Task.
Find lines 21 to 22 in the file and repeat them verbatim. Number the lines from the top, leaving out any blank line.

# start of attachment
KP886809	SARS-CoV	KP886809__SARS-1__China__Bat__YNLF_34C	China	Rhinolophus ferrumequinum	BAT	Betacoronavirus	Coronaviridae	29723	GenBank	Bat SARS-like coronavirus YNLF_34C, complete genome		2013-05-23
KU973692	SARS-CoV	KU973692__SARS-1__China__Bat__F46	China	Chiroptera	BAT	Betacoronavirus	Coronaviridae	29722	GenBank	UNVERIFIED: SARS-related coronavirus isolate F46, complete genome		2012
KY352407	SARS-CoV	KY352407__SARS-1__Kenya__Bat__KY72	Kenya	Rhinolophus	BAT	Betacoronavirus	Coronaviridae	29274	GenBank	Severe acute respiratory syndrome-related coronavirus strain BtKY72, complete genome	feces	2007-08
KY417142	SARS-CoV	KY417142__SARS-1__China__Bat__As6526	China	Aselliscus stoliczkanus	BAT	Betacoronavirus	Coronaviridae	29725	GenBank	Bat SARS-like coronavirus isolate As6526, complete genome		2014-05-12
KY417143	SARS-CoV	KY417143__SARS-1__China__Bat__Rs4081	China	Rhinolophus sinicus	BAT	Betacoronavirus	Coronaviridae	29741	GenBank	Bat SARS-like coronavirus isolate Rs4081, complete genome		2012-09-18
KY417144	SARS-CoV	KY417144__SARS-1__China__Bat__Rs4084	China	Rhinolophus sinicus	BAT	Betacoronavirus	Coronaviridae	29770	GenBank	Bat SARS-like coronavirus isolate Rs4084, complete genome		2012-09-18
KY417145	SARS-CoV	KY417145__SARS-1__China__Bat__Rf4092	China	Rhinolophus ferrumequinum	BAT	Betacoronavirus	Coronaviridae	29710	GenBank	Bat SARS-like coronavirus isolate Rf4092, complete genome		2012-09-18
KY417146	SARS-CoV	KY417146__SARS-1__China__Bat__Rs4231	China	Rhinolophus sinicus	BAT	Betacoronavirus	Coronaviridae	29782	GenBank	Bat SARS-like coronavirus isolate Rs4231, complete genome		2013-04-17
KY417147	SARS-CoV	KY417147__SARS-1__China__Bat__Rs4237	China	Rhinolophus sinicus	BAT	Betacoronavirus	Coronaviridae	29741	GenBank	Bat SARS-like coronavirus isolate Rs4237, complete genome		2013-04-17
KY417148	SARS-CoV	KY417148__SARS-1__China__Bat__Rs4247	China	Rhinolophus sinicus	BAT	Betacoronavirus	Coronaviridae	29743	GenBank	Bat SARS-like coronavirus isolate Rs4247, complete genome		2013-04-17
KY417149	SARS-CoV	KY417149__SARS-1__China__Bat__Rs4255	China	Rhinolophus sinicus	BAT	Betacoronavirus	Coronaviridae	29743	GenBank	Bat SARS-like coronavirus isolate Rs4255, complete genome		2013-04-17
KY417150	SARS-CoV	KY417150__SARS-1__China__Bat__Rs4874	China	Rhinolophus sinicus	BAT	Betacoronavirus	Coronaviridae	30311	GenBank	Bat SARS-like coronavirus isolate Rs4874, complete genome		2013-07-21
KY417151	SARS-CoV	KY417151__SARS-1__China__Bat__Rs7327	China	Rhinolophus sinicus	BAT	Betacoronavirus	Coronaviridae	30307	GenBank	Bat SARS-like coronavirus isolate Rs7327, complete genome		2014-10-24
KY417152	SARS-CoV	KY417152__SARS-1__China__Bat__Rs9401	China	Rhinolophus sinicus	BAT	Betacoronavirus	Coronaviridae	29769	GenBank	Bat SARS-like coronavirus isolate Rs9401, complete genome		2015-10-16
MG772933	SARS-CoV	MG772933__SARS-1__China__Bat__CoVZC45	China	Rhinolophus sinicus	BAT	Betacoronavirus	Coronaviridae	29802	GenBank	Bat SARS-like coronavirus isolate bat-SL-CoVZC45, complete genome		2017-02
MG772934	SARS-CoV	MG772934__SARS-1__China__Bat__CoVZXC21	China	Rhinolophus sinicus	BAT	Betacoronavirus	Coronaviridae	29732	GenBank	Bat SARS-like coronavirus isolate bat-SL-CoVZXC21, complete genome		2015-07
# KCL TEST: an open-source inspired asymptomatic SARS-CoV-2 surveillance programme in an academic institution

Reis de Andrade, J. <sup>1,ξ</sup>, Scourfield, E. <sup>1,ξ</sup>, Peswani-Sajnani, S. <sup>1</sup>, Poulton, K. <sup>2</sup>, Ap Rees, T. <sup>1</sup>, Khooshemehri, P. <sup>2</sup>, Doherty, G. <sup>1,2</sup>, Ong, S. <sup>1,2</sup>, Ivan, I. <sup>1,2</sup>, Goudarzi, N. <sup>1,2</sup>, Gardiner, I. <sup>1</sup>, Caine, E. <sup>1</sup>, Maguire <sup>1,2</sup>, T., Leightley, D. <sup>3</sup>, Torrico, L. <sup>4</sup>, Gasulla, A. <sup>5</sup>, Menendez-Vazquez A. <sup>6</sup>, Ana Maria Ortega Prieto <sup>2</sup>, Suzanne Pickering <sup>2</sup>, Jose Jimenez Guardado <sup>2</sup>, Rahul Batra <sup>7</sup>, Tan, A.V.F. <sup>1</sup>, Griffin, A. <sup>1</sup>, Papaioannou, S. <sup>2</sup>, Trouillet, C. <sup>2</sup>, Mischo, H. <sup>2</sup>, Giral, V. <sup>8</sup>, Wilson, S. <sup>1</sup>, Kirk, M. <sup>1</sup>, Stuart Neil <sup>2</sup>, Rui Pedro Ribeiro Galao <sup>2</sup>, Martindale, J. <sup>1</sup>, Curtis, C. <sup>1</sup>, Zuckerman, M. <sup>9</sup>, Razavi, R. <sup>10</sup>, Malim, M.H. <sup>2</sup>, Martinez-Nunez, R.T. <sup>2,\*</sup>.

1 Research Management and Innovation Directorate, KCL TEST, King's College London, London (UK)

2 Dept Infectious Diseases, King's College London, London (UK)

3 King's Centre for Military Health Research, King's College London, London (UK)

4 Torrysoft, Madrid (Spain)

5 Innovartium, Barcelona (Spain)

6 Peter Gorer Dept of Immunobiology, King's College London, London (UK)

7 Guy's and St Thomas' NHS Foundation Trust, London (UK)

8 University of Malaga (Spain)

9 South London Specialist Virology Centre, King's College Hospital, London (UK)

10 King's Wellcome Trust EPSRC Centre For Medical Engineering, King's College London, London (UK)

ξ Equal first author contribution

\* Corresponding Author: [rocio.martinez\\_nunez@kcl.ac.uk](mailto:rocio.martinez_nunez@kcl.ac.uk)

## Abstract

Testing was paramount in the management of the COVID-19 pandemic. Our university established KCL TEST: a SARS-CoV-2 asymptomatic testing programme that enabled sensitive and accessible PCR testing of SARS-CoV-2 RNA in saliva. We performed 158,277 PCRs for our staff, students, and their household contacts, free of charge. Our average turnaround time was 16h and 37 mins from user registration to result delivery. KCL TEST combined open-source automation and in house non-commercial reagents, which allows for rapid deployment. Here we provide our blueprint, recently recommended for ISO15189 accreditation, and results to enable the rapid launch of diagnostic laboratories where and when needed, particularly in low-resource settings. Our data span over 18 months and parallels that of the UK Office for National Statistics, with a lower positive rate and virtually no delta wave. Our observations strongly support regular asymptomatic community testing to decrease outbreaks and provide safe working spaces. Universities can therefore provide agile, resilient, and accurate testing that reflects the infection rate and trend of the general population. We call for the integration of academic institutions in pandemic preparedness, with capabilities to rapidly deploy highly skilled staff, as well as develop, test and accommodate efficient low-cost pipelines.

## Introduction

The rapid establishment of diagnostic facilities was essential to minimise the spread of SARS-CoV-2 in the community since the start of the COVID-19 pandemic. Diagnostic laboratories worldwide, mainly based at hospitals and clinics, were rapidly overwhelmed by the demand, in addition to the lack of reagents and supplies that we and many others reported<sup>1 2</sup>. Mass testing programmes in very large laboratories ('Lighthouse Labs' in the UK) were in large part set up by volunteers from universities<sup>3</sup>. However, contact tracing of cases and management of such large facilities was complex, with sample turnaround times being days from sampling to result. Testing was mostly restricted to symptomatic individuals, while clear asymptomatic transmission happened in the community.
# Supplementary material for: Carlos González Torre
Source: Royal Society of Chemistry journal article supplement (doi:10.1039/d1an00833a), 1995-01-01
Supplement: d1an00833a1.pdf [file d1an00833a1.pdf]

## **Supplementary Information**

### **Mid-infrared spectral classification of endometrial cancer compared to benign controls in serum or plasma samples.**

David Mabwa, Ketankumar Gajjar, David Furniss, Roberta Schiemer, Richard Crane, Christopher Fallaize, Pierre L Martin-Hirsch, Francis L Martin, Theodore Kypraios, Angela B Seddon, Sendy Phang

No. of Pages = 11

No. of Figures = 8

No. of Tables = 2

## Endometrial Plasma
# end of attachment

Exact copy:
3 King's Centre for Military Health Research, King's College London, London (UK)

4 Torrysoft, Madrid (Spain)